For this discussion, students will pick a strain in the historiography that they believe best reflects the historical reality of the Great Depression and then extrapolate to answer the question:
Are you a Keynesian? Why or why not? Or, are you a free marketeer like Hayek?
It’s important that students become aware of the popular arguments historians have put forward to understand Roosevelt’s response to the Great Depression. These should help you think critically about your own position. After you have considered the three strains in the historiography below, answer the question—Are you a Keynesian, or do you agree with Hayek?
The conventional arguments made by historians can be reduced to the following:
1– Economic historians often debate the efficacy of Roosevelt’s New Deal. Many liberal historians (liberal as in “New Deal historians” sympathetic to Keynesian economics) have argued that Roosevelt’s New Deal policies did help lift the American economy from the Great Depression. In short, the American economy was rescued by Roosevelt’s New Deal.
2– Other liberal historians (liberal as in “hard core New Deal historians” that celebrate Keynes), however, have argued that Roosevelt’s New Deal policies did not do enough, and that Roosevelt and the Democrats in fact should have provided a much more rigorous set of programs to help rescue American from the economic abyss. According to this second set of liberal historians, Americans could have emerged from the Great Depression much sooner, with a stronger and more dynamic economy, had Roosevelt and the New Deal Democrats offered a stronger federal response. More intervention was needed.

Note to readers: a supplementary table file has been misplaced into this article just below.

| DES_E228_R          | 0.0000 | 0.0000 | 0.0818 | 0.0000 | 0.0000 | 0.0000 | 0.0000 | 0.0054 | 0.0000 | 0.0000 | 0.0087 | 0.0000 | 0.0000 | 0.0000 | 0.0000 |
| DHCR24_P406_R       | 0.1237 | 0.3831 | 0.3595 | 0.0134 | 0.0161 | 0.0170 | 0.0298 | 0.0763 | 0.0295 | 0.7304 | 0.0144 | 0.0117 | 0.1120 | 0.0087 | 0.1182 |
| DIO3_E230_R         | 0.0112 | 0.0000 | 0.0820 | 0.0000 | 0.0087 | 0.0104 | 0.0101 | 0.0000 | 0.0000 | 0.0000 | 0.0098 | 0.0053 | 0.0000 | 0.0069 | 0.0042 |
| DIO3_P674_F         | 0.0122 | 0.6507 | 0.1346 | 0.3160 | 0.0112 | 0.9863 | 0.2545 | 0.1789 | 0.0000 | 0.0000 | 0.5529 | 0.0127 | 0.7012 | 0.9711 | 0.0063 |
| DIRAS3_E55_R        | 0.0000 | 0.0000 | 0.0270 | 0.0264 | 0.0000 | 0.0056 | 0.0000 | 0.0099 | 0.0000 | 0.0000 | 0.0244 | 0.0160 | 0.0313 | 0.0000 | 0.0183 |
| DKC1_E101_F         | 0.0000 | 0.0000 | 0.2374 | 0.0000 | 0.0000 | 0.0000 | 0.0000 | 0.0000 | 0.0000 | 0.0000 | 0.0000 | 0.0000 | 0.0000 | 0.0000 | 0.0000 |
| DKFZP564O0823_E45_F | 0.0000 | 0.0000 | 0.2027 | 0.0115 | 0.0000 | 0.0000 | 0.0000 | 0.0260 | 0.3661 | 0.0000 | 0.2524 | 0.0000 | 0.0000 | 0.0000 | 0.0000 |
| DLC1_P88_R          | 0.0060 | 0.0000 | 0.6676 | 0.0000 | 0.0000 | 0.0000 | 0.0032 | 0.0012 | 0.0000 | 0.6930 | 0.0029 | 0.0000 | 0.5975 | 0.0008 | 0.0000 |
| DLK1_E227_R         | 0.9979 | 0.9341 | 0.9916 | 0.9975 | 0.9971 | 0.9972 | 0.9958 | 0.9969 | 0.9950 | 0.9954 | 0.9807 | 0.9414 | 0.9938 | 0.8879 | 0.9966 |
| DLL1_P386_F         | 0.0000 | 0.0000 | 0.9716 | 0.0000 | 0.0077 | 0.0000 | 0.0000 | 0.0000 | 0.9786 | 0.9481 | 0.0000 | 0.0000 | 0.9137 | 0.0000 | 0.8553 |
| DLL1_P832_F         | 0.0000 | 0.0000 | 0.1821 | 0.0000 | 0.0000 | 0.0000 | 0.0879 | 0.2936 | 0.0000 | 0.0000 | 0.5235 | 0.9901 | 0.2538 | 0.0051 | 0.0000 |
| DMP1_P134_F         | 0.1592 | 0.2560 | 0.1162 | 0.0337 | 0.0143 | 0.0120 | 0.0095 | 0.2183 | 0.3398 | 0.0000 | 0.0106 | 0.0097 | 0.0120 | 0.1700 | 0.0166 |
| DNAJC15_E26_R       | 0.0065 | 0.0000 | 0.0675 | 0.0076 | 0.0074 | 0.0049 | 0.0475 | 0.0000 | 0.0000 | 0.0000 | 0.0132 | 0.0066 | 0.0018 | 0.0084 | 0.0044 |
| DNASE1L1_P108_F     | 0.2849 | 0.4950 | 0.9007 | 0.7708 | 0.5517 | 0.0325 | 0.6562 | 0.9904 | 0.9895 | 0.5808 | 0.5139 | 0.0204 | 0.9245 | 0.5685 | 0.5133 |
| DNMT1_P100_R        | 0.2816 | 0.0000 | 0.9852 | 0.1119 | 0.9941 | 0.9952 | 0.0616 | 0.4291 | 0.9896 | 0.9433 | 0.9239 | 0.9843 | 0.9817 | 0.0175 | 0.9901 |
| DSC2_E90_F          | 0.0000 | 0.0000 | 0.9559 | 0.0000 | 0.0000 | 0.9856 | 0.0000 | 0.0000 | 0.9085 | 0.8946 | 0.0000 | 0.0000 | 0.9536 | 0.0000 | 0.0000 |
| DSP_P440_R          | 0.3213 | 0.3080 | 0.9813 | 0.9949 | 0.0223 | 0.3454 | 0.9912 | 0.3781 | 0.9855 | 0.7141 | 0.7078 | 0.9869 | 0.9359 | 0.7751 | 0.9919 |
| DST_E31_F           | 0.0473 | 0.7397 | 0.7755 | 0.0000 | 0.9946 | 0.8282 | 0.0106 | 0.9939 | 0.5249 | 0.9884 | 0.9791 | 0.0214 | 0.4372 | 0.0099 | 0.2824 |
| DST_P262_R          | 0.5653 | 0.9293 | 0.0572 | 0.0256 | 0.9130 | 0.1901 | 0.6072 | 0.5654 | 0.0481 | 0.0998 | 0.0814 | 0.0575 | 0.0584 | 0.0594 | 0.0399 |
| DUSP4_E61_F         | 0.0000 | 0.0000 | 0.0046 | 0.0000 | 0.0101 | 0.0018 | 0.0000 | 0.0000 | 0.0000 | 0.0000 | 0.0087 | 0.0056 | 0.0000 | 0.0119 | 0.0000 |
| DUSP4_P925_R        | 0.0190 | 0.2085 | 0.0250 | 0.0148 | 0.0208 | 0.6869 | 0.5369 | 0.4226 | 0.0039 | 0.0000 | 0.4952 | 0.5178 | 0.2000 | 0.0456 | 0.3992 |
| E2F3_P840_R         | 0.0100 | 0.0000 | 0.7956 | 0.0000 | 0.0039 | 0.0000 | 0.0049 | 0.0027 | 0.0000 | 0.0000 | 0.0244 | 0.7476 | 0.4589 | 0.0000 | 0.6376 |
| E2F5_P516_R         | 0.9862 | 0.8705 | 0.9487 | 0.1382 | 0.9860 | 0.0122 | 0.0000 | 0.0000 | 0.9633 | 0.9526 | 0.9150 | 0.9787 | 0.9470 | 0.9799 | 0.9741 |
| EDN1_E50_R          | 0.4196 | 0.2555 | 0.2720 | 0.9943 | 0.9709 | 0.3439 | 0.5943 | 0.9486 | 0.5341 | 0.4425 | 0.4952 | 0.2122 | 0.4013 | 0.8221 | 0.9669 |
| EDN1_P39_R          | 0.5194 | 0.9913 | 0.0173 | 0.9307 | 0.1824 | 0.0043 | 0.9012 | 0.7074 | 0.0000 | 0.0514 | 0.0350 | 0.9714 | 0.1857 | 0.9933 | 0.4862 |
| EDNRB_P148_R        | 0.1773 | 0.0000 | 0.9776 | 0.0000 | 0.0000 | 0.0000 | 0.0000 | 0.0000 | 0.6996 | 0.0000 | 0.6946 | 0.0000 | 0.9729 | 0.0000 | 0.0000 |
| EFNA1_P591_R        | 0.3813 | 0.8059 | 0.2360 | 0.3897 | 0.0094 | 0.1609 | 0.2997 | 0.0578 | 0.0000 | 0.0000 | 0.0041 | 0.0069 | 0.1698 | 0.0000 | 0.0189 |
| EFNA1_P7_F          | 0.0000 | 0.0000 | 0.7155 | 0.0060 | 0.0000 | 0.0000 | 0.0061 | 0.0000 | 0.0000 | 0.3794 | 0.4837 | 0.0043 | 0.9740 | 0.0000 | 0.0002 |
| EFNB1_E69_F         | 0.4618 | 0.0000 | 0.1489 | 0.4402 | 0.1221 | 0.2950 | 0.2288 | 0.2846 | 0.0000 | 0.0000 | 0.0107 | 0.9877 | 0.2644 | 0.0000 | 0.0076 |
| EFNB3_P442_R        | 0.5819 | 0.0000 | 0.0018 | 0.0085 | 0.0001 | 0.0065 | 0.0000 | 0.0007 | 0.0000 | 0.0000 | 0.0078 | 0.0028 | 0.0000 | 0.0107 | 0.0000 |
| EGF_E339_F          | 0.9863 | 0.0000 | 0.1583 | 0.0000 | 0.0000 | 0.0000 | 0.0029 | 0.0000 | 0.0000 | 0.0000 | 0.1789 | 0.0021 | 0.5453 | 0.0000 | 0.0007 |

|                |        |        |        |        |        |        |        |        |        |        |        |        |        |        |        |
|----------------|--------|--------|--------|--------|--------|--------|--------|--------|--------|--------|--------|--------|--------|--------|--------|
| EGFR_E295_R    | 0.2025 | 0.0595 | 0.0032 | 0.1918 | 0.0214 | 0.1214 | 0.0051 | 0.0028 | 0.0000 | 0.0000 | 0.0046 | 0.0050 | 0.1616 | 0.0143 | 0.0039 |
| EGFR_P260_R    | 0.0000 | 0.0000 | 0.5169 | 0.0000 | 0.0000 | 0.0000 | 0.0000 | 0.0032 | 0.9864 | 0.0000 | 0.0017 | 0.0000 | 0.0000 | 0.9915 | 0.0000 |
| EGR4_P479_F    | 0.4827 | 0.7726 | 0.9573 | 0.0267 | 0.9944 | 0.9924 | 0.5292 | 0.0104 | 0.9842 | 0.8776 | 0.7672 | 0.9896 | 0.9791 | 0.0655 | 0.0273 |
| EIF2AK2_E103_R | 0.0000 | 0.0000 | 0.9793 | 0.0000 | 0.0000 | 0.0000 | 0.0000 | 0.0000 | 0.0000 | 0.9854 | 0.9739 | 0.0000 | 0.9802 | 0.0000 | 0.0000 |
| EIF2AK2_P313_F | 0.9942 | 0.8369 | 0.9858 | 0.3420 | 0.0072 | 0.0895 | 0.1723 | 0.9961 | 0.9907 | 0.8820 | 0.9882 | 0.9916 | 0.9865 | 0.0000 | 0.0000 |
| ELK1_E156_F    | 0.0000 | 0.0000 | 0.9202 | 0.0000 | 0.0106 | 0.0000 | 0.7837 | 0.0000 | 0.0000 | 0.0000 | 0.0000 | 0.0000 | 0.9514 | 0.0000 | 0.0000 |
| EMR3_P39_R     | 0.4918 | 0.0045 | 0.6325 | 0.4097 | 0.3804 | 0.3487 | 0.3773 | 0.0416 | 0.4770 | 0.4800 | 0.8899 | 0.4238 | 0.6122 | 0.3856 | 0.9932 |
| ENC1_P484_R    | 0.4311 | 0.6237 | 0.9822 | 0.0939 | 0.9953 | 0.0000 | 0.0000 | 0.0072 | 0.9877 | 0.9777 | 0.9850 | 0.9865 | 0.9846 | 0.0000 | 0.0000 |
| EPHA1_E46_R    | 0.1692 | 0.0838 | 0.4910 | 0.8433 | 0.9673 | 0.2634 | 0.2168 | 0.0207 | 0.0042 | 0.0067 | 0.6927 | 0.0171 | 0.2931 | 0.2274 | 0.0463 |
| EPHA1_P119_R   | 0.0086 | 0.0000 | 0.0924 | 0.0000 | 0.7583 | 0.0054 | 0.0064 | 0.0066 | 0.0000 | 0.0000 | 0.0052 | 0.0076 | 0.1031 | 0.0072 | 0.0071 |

3–Conservative economic historians (influenced by free market economists like Hayek) have argued that Roosevelt’s New Deal policies slowed the recovery, in part because any attempt by the government to intervene in the economy is largely misdirected, led by incompetents, and in fact worsens the problem. National economic systems are so complex and public policy makers are incapable of understanding the unintended consequences of their programs, therefore practically every attempt by government at reform ends in disaster. Many conservative economic historians have argued that Roosevelt’s New Deal policies prolonged the economic malaise, likely contributed to a deeper economic collapse, and in the process created an enlarged nation-state with a sprawling bureaucracy with powers that threatened American economic liberty. In other words, not only did the New Deal worsen the economic situation, but Americans also suffered a loss of personal liberty because the institutions that came from the New Deal greatly empowered the central state.
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